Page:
paying attention part 10: limbo

Before taking my blogging hiatus, I had started to tell Bentley’s story. In nine different posts, I shared his diagnosis of ADHD-Inattentive, the struggle to find a doctor, our issues to medicate or not medicate, and the worst struggle of all: teaching him how to swallow a pill. (Yeah, I’m not kidding. That was the worst.)

We are now two years into his diagnosis and things are…good. Actually, they are really good. We ended up changing his medication one more time. Like many conditions that can be managed with medication, it takes a while to find which medication is best. Bentley is on his third medication, Concerta, and this one finally seems to be the right fit. There are still side effects, his lack of appetite and trouble falling asleep, but he started taking a second medication at night that helps with both of those. Wasn’t our first choice to put him on not only one but two medications, but after trying it for a few weeks we noticed great improvements. Great improvements are hard to deny.

But medication isn’t the only fix. We also met with a couple of therapists. After reading about the benefits of something called Cognitive Behavioral Therapy (CBT) that works well in conjunction with medication, I went on the hunt for a therapist. This type of therapy works to help kids change the thought patterns that can keep them from staying on task and focusing. It also helps with other areas that kids with ADHD/ADD struggle with like time management and organization.

Much like my hunt for a doctor to diagnose him, finding a therapist wasn’t as easy as I thought it was going to be. I would love nothing more than to help my son myself.  I wish that I could just read a few books and be able to help him focus, help him pay attention, stay on task, stay organized. But I can’t. I am his parent, not his therapist.

The first therapist we found who claimed to treat kids with ADHD/ADD didn’t even know what CBT was when I brought it up.

“Now, what is that exactly?” the therapist asked me during our first appointment.

“I read that CBT is one of the best therapies to help kids who have my son’s diagnosis of ADHD-Inattentive,” I replied. “And, well, you said that you worked with kids who had been diagnosed with ADHD/ADD.”

“I’m just not familiar with that particular therapy,” he said.

I have a problem with going to a professional where I know more about his field of study than he does.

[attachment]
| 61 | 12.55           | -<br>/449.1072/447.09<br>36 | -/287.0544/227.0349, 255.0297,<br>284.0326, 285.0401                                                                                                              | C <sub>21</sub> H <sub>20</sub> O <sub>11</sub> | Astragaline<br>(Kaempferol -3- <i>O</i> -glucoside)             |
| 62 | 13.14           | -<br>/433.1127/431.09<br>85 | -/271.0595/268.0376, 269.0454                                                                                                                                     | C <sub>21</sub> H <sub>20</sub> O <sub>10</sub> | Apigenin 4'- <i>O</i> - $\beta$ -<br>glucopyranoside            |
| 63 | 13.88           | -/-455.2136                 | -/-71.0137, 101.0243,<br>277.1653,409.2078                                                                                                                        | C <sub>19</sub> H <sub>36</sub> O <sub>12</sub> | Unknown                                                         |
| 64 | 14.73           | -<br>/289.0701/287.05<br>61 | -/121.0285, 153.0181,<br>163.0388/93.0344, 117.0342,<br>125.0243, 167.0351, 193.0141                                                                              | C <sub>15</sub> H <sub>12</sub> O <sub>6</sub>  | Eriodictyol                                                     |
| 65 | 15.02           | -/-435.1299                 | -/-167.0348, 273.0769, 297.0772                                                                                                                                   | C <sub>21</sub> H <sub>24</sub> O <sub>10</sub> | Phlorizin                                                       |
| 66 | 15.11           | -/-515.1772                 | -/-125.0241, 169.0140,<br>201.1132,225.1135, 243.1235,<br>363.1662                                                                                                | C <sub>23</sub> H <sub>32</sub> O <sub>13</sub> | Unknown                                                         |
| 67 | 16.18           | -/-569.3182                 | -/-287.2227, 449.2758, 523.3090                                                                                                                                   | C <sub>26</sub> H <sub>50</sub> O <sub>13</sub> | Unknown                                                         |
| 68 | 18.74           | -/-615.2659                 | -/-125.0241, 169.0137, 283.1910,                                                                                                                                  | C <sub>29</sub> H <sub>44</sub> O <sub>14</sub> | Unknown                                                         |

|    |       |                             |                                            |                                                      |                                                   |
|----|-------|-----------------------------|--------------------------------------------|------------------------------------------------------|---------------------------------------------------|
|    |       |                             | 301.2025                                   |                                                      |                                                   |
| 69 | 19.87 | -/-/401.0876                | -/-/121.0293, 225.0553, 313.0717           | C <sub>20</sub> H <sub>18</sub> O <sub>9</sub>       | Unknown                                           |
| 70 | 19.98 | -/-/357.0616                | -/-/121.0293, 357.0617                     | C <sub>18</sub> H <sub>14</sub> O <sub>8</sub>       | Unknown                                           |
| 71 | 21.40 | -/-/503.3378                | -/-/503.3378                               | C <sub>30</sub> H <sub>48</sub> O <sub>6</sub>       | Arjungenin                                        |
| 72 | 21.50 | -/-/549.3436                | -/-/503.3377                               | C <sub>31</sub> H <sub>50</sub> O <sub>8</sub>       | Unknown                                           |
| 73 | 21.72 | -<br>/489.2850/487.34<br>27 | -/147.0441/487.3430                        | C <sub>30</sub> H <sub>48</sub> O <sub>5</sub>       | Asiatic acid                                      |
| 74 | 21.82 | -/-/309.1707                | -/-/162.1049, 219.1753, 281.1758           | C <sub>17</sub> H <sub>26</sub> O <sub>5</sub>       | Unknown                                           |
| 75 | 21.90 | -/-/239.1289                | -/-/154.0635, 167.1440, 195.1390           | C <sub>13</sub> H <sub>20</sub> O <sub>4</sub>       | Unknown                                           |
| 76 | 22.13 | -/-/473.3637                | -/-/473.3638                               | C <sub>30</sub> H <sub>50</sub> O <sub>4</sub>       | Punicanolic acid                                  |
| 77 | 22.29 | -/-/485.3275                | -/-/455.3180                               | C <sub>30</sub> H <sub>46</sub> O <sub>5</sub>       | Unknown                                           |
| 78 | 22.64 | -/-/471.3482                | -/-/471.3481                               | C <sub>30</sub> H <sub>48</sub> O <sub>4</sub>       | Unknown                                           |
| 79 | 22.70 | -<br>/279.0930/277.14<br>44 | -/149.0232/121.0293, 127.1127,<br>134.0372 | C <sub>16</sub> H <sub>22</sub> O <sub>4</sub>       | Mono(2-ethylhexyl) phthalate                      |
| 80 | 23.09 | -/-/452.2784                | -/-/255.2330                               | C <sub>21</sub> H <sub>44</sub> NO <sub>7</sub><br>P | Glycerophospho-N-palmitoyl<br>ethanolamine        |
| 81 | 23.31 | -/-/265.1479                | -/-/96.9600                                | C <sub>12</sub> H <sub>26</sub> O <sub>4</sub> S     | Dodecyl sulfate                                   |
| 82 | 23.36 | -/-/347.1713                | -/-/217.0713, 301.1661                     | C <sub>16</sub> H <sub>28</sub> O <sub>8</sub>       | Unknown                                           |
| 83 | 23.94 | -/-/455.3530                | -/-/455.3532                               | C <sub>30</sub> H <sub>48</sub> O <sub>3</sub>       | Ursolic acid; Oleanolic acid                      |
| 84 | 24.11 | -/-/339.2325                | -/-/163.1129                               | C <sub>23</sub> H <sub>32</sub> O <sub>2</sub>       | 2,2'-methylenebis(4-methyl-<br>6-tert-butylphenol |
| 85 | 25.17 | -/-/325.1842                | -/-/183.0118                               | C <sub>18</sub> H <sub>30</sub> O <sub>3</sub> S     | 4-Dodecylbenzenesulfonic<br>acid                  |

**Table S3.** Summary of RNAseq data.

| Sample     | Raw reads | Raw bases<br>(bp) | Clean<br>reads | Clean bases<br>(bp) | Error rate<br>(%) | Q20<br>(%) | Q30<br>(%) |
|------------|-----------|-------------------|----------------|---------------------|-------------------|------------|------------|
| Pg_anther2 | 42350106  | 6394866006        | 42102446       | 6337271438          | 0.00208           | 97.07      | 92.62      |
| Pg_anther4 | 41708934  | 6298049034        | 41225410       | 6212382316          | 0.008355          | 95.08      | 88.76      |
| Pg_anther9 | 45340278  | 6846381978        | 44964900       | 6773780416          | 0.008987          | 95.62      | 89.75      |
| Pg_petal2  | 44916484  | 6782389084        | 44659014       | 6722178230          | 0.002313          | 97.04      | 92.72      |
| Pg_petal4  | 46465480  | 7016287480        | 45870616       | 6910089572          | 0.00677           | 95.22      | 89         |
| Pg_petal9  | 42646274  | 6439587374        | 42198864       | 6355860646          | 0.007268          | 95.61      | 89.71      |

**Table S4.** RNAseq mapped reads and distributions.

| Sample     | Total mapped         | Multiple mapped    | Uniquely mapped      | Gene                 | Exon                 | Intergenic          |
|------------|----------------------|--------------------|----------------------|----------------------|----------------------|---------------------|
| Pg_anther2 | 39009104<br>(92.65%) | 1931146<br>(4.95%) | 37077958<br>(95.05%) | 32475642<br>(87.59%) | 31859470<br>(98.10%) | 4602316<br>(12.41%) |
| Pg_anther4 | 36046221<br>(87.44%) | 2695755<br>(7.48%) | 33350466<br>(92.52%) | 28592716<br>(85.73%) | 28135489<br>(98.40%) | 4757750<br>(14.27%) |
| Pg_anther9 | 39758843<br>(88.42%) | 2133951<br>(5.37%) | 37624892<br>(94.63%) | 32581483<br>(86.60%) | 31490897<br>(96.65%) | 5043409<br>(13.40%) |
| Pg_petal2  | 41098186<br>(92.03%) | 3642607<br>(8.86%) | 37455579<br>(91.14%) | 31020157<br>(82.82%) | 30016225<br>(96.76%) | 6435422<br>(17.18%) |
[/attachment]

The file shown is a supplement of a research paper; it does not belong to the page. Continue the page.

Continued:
“Actually,” he said, “I think Bentley might have control issues. Does anyone else in your family have control issues?”

“Yes, well, me. Yep, I come from a long line of controllers. We’re not controllers. We just want it the way we want it.” I stopped talking and tried to force a laugh but it came out sounding manic, which is never good when you’re sitting in a therapist’s office.

I couldn’t get out of his office fast enough.

Finding professionals in the fields of medicine and education that have been trained/educated about ADHD/ADD in children has been far from easy. This has shocked me more than anything else about Bentley’s diagnosis. According to the CDC, nearly 1 in 10 kids has ADHD and that since 2007, 5.4 million children have been officially diagnosed. That’s not a small number. In a school of 500 kids, there are at least 50 that have ADHD/ADD. That’s a lot, people.

We eventually found a therapist who was familiar with CBT, had worked with kids with ADHD-Inattentive before and was willing to work with our son. We met with her a few times and Bentley seemed to like her, mostly because she had a cool LEGO game in her office that he got to play with while he was there. After four or five meetings, she told me in not so few words that Bentley was good to go.

Really? That’s it? Um, okay. Sigh. So much for that.

Did I try to find someone else? No. Bentley was about a month into the new school year and seemed to be doing fine. Better than fine:

  • he was staying on task at school
  • he was doing homework without being reminded
  • he was no longer bringing home unfinished school work
  • he liked school
  • he wasn’t a discipline problem
  • he was making good grades
  • he had friends
  • he was happy

I mean, I have friends with kids without ADHD/ADD who don’t have it so good.

Maybe our boy was getting better. Maybe that LEGO game did more for him than I realized.

more to come…

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